As a result, NATO air attack doctrine went back to the 15,000+ ft (more than 4,500 m) attack altitude and began to make use of many guided munitions. The technological advance and large production runs allowed for some very cost-efficient guided munitions, especially cheapened laser guidance or satellite navigation guidance kits. Sensors (imaging infrared optics and modern imaging radar) allow modern strike aircraft to attack just as well form this altitude as earlier strike fighters were able to do from much lower ones with 'Mk1 Eyeball' sensors.
Post-2000, the Stinger-type missile threat appears to be largely defeated by sophisticated technical and tactical countermeasures, but the laser beam riders and the autocannon threat (with laser rangefinder, computer and automatic target tracking sensor) keep the low altitudes dangerous when present.

Without Shilka and to a lesser extent its successor and relatively few Western counterparts all this wouldn't have happened.

1970's strike fighters could have flown at a convenient altitude for spotting targets, diving and temporarily flying very low when a missile battery threat was detected. The modern strikefighter of the 1980's might have utilized an underbelly autocannon pod to easily take out anything but main battle tanks from a convenient altitude (maybe 2,000 metres) while circling the target area. Unguided rockets, Maverick-like anti-tank missiles and wind-correcting cluster bombs with timed release might have reigned and we would never have seen submunition pods such as JP233 or MW-1. The typical strike fighter might also have had a much larger wing area like the F-16XL, because there would have been few terrain following mission profiles in low altitude dense air (which create problems for low wing loading aircraft and thus led to relatively small wings). Area air defence batteries could have been engaged by triangulating their position and attacking them low and close, since they wouldn't have been protected against this kind of attack by SPAAGs.

 
Air and sea warfare are so very much dominated by technology despite the importance of skill, numbers, support and weather that a single technological progress is able to change the entire picture. In the case of Shilka, this progress was actually announced two decades earlier, when the combination of SPAAG with fire control radar and fire control computer (a search radar was still unnecessary due to lower aircraft speed) was first feasible and envisaged. The nuke-crazy 50's may have delayed the inevitable revolution by a few years.
The result was that the face of modern air attack  was changed, as it had to adapt to the threat.*

S O

*: Strangely, the loss in efficiency was not followed by a shift in budget priorities; NATO had already given up the idea of countering Warsaw Pact tank quantity in a symmetric arms race despite the German experiences from WW2 which indicated that this was feasible with enough good arms. The result was that Western great power militaries have become dependent on aerospace superiority.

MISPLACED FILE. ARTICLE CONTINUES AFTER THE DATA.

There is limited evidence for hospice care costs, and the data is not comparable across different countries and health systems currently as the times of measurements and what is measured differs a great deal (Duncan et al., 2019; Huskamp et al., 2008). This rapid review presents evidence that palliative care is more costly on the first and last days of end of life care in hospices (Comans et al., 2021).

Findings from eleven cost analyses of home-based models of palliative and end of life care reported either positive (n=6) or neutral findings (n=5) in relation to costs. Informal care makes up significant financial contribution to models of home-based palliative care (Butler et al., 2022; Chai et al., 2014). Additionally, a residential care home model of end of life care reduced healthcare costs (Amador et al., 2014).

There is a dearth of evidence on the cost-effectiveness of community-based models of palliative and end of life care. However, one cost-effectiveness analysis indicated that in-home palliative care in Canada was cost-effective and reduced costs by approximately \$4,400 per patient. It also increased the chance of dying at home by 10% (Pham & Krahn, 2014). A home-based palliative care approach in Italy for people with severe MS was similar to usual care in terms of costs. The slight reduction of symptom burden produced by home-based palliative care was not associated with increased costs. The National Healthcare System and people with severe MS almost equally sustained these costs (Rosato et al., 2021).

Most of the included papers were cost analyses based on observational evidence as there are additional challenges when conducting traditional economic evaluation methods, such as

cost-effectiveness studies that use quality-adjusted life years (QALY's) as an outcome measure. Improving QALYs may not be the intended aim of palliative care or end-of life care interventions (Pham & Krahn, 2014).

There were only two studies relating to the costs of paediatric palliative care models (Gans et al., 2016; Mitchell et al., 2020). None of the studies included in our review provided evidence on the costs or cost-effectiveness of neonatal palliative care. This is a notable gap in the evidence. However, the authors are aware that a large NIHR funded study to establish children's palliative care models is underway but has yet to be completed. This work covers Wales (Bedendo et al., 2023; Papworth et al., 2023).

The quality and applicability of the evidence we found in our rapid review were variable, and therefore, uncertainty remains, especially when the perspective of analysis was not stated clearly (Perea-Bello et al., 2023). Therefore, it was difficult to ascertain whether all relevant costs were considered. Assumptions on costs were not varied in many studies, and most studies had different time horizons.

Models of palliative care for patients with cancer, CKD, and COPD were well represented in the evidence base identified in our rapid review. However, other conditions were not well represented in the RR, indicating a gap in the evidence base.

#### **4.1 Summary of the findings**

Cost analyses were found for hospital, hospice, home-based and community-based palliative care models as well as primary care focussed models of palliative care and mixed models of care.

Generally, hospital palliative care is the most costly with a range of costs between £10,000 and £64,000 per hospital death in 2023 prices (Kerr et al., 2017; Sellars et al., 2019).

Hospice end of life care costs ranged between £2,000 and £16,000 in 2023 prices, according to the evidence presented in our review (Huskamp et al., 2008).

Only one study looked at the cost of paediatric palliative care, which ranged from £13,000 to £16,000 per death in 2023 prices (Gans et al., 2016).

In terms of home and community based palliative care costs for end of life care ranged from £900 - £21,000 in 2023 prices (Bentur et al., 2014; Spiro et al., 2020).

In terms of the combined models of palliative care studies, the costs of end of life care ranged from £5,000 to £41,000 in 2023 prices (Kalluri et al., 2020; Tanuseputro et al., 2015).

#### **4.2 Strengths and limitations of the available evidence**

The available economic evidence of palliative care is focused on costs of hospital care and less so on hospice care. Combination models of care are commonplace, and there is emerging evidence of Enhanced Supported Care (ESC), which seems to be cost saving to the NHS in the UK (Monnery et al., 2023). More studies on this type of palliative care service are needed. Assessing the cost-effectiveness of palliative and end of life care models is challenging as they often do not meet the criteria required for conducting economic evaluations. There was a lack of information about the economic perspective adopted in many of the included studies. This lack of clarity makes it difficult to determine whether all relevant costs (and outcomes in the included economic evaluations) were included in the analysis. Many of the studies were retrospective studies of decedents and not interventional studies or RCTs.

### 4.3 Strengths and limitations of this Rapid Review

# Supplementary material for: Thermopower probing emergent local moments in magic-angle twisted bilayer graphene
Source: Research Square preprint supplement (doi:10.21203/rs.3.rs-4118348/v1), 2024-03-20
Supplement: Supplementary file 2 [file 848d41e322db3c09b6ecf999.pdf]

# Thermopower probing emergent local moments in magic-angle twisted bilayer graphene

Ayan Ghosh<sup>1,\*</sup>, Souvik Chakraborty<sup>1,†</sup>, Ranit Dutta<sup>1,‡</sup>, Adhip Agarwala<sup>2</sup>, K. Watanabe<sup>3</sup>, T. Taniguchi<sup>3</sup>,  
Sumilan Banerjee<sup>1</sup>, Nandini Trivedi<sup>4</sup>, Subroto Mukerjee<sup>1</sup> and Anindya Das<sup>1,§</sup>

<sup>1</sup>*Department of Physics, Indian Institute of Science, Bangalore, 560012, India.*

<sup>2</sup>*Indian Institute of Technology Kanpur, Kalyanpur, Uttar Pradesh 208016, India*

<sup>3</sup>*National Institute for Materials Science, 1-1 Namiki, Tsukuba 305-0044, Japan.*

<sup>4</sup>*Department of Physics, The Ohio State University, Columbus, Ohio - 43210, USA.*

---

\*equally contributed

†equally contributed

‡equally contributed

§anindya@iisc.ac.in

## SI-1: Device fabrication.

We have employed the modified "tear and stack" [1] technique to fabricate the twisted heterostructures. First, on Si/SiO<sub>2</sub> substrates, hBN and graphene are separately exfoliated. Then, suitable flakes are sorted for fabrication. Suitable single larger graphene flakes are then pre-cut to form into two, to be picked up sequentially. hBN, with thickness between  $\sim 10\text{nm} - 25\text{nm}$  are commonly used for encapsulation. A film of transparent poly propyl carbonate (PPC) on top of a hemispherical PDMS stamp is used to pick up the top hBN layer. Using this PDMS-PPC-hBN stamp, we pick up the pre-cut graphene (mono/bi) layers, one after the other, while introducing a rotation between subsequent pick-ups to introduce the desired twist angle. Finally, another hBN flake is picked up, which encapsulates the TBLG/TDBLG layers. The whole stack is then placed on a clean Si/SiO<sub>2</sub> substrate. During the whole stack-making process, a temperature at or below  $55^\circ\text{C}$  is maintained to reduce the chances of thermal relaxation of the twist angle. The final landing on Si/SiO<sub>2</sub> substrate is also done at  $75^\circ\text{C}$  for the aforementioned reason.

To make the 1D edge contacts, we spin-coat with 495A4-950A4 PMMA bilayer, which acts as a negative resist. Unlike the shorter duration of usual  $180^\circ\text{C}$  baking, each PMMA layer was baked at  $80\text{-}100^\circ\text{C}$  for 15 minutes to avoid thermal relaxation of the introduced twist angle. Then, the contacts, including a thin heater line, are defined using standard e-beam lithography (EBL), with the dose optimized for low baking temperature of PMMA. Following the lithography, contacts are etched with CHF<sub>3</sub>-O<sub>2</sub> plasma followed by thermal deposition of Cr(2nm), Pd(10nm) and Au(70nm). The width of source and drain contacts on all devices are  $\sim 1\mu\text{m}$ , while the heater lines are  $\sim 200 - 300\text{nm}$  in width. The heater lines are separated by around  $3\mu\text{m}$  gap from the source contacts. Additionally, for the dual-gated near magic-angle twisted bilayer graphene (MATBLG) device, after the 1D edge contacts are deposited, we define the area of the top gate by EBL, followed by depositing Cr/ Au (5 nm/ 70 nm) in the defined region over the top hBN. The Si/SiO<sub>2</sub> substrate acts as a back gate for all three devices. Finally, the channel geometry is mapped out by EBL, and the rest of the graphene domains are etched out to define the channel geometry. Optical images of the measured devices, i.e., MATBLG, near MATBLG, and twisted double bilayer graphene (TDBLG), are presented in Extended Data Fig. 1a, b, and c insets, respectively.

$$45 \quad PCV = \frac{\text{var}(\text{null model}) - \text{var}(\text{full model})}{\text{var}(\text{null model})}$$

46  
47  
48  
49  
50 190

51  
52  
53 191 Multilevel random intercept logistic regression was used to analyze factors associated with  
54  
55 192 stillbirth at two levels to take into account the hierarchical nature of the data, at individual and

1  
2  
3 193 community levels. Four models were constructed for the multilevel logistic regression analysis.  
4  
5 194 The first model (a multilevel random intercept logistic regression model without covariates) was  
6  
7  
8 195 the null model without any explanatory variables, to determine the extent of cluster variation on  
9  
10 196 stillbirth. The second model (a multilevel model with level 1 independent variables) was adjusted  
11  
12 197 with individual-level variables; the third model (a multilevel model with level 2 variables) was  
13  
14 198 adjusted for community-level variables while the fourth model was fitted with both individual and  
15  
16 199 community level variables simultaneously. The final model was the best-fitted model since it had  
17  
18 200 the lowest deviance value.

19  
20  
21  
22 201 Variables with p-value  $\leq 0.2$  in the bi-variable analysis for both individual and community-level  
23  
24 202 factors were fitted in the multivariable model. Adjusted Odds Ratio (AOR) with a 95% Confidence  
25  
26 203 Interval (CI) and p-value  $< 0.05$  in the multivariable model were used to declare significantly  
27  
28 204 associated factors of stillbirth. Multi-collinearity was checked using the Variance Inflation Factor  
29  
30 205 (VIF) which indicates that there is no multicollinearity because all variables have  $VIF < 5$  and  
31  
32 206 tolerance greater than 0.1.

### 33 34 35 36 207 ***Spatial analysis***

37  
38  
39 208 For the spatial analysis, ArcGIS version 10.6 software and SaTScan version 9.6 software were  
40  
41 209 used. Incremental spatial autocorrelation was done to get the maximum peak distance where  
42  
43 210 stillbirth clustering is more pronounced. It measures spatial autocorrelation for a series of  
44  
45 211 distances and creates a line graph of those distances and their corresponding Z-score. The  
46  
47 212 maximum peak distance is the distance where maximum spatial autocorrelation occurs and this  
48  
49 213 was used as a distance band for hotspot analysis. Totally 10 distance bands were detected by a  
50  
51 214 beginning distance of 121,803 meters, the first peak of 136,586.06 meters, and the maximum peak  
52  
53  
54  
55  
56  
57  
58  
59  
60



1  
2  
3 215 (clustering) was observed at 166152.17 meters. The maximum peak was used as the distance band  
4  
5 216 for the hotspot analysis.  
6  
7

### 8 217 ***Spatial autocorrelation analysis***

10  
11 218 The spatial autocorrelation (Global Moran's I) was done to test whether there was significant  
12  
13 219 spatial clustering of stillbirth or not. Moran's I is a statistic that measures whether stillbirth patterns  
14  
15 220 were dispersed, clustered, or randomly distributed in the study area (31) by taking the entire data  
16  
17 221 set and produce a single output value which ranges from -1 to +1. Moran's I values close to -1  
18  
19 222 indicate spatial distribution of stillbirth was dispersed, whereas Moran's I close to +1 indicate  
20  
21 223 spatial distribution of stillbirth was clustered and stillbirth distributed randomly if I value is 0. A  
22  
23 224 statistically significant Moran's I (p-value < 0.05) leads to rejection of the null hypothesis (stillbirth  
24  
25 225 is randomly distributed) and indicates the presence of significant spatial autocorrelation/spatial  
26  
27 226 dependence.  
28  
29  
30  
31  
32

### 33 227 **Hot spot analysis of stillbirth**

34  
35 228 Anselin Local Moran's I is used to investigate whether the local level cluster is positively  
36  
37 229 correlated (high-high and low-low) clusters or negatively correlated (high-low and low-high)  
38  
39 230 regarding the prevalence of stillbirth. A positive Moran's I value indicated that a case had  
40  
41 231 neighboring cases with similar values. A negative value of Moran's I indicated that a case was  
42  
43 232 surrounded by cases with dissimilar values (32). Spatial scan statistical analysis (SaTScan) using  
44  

P.S.: I link a lot to Wikipedia, but don't mistake this as a link to sources. The links are meant for those readers who cannot remember the specific thing at the moment. I cover a wide range of topics and do not expect the majority of my readers to have a matching range of interests and knowledge, so I make the texts easier by adding these links.
.

8 comments:

  1. Very interesting. Do you think that Western efforts at fielding similar systems (Gepard, M163, Roland etc) had a similar effect on Soviet air development and doctrine?

    Do you think these Soviet developments similarly influenced western development of attack helicopters and employment concepts for missiles like HOT, TOW and, ultimately, Hellfire?

    ReplyDelete
    Replies
    1. The Warsaw Pact had the Su-24 with terrain-following radar long before the similar Tornado IDS arrived. AFAIK it was meant for strikes well past the battlefield and became much less survivable once F-15s arrived in Europe.

      The WP close air support was rather focused on bombing from safe-enough altitude if (V)ShoRAD was present. The NATO forces had no proper air defence umbrella above 2...4 km depending on the corps because IHAWK was much less mobile than SA-6.

      The Soviets developed their countermeasures to IHAWK (stand-off jamming, anti-radar missiles, anti-radar version of MiG-25).

      HOT, TOW and Hellfire could typically not be used at more than 2 km distance because of detection, identification and line of sight issues. Shilka was effective at 2 km, so attack helicopters always depended on the shortcomings of the Shilka radar and its operators.

      Delete
    2. The Su-24 essentially emulated the earlier F-111. I'm not sure how much of a difference the F-15s would have made - AFAIK they would have operated from two airfields of known location (Bitburg and Soesterberg - the latter squadron eventually moving to Lakenheath) which would have been prime targets in the event of war breaking out.

      Delete
    3. I was rather referring to the technical side (and the bulk of F-15s would probably have arrived later on English airports).
      The look down/shoot down tech and look-down capable AEW&C made terrain following strike fighters appear kinda obsolete if deployed in quantity.
      The MiG-23 did this to Tornado IDS as well, but the MiG-23's look down capability was difficult to use to good effect. That radar was too complicated for a one-man crew and I doubt AA-10 was ever good in shoot down use - it has a poor reputation even in the easier mission profiles. The earlier AA-7 was clearly worse.

      Delete
  2. Yanks came out of GW1 shouting from the rooftops that no Apache was shot down. Amazing. Genius of design and operational utility at work. Far deadlier and more survivable than we dreamed. We dont need to be so concerned about ground fire. The Apache really is that good!!!!!

    GW2... Dont want to talk about it.

    ReplyDelete
  3. Shilka and it's successor also drove the development of autonomous and semi autonomous weapons for launch from aircraft from low altitude at standoff ranges that would put the launch aircraft out of range of SPAAGs. As far as I am aware, of the various initiatives, only Brimstone bore fruit and was used in its intended role in its original purely MMW format, ripple fired against at least one enemy vehicle column in Libya.

    ReplyDelete
    Replies
    1. Yeah, the American Wasp missile design was cancelled, and later LOCAAS as well. The primary Cold War PGM to defeat targets from beyond Shilka range was apparently the Maverick.

      Delete
  4. Maverick would have initially imposed a highly problematic attack profile on the attacking aircraft. The earliest, non scene magnifying daylight TV A model would have been a complete waste of time in Europe. Things are a bit better now as the seeker can be slaved to a targeting pod allowing lock on from extended range (visibility permitting) and the attack aircraft to not have to fly in a near dead straight line toward the target. It's still far from ideal for countering a massed armoured attack under a dense modern IADS though. Even the (now no longer produced) WCMD and its winged variant are really only useful in permissive air environments.

    ReplyDelete